According to the most recently published Manufacturing ISM Report on Business, manufacturing sector economic activity expanded for the 27th consecutive month during March of 2015. The overall economy in the United States grew for the 70th straight month during the same period of time according to the report, which was issued by the Chair of the Institute for Supply Management, Bradley J. Holcomb.
According to Holcomb, the March PMI came in at 51.5 percent, which represented a slight decrease of 1.4 points from the 52.9 percent reading in February of 2015. The New Orders Index came in at 51.8 percent, which itself was a decrease of 0.7 percentage points from the reading of 52.5 that was obtained in February.
The Production Index, on the other hand, came in at 53.8 percent, which was a slight 0.1 percent increase over the 53.7 percent reading that was obtained in February. Out of the eighteen different industries operating within the manufacturing sector, a full ten of them reported growth during the period ending in March. These industries include wood products, paper products, transportation equipment, nonmetallic mineral products, fabricated metal products, chemical products, beverage and tobacco products, computer and electronic products and more.
The seven industries that reported some type of contraction during March were leather and allied products, petroleum and coal products, textile mills, miscellaneous manufacturing and more.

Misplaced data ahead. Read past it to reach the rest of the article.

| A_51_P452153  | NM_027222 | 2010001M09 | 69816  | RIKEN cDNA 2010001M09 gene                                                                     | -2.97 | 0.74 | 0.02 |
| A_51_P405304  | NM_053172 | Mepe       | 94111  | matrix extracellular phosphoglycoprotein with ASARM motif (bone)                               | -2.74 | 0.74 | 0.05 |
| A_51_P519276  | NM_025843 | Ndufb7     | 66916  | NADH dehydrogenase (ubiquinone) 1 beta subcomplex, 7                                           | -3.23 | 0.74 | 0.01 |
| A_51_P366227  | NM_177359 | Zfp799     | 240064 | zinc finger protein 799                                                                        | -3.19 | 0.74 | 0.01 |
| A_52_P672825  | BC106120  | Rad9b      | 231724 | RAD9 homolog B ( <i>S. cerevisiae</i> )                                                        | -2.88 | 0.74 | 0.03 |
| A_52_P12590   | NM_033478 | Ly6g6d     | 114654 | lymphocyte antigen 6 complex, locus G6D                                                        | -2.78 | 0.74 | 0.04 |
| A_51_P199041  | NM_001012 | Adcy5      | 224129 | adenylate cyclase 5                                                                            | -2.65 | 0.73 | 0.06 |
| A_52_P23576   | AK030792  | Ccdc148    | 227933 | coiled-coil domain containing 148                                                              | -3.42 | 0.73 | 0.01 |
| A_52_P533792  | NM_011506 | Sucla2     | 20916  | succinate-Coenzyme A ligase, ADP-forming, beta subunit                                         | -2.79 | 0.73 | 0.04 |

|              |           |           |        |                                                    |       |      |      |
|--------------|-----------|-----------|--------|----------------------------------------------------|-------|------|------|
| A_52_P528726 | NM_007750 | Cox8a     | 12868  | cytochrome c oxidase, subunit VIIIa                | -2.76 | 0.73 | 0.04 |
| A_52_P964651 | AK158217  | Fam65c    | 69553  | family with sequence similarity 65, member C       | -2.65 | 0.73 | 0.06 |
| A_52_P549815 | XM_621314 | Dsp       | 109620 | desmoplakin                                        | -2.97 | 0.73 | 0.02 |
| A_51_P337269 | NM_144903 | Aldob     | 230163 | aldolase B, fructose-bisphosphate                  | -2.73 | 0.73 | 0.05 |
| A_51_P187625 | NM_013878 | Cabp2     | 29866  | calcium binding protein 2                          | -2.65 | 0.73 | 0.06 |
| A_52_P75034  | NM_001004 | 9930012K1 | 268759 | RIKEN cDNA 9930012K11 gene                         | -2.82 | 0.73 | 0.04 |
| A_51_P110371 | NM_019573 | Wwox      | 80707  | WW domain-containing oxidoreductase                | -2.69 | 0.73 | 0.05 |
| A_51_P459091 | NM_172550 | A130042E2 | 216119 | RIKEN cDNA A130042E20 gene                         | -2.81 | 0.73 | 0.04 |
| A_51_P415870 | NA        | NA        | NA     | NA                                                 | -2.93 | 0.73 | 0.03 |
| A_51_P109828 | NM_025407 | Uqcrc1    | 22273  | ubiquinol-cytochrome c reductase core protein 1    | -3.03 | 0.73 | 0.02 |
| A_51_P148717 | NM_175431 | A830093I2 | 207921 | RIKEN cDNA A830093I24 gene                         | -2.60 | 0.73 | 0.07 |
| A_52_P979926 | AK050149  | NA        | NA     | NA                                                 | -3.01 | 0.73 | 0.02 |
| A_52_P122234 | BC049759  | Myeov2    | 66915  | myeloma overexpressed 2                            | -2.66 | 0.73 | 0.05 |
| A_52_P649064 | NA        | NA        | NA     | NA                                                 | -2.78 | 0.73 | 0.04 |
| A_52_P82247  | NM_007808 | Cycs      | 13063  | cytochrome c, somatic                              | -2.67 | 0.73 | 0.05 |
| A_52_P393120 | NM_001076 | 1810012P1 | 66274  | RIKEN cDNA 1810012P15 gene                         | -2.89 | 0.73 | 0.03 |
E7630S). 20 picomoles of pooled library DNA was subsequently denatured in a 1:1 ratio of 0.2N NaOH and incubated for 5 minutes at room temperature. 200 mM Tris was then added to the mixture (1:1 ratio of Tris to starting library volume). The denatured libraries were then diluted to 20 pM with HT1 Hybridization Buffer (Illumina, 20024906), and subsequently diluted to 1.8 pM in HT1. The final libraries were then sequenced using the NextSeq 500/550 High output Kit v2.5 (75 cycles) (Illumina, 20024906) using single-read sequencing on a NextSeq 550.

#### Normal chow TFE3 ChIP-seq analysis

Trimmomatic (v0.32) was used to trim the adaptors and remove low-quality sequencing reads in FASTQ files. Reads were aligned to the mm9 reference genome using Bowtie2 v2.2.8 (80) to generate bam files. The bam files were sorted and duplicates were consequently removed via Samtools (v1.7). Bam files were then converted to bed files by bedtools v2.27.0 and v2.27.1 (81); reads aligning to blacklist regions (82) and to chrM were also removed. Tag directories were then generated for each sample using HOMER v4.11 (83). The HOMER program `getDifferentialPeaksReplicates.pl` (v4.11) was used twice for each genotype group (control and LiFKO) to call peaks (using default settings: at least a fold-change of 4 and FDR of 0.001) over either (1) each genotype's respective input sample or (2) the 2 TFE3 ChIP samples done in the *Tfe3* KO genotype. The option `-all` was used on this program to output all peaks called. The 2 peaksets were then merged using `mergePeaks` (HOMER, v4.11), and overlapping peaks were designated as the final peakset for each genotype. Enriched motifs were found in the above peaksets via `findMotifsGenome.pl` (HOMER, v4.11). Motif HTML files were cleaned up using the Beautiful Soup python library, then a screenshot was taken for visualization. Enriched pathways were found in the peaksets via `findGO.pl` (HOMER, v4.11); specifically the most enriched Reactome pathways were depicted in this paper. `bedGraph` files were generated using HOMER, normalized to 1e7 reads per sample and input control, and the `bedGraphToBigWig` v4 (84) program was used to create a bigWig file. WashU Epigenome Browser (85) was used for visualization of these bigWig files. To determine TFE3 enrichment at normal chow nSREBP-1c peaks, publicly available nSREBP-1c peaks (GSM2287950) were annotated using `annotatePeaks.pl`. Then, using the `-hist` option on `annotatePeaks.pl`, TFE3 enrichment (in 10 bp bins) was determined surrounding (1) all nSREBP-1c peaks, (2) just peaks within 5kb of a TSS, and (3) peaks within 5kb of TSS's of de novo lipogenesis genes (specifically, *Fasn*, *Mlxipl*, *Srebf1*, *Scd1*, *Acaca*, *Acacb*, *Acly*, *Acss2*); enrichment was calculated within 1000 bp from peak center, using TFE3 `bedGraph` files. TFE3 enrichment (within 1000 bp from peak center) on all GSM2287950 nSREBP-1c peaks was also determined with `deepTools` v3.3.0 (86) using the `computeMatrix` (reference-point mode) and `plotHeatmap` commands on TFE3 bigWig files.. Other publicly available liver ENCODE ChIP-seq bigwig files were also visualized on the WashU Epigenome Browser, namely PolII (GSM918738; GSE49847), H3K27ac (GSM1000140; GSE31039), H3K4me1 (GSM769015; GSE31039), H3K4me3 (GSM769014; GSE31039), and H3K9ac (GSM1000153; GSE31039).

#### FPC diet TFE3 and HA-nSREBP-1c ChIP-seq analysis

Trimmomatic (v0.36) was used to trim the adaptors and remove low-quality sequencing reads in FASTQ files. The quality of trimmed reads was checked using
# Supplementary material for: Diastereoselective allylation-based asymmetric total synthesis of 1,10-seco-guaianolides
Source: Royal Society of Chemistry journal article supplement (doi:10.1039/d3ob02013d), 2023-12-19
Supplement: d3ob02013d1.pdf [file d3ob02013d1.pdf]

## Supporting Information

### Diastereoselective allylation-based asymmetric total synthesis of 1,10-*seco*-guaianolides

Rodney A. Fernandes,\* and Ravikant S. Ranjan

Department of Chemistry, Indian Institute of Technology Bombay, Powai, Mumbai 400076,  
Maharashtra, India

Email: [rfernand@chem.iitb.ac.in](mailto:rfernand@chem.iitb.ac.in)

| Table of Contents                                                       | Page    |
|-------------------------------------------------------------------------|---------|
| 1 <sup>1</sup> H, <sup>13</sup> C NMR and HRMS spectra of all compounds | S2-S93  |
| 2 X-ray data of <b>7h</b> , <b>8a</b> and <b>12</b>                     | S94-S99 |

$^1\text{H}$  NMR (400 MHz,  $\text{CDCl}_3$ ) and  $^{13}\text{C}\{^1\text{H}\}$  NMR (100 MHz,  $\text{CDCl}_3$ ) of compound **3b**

When asked about the current financial and operational environments that they are experiencing, respondents had a lot to say about economic activity in the manufacturing industry. Food, Beverage and Tobacco Products respondents indicated that the falling cost of energy was helping control costs, while sales were getting a noticeable boost through an increased level of consumer disposable income at the same time.
Transportation Equipment respondents agreed and indicated that business was still extremely strong, especially when compared to previous reporting periods. Fabricated Metal Products respondents indicated that their business was both strong and on projection, though the strength of the United States dollar was representing something of a challenge for their international business.
Consumer and Electronic Products respondents, however, indicated that oil prices were having a major effect on energy markets and, as a result, business was really starting to slow down.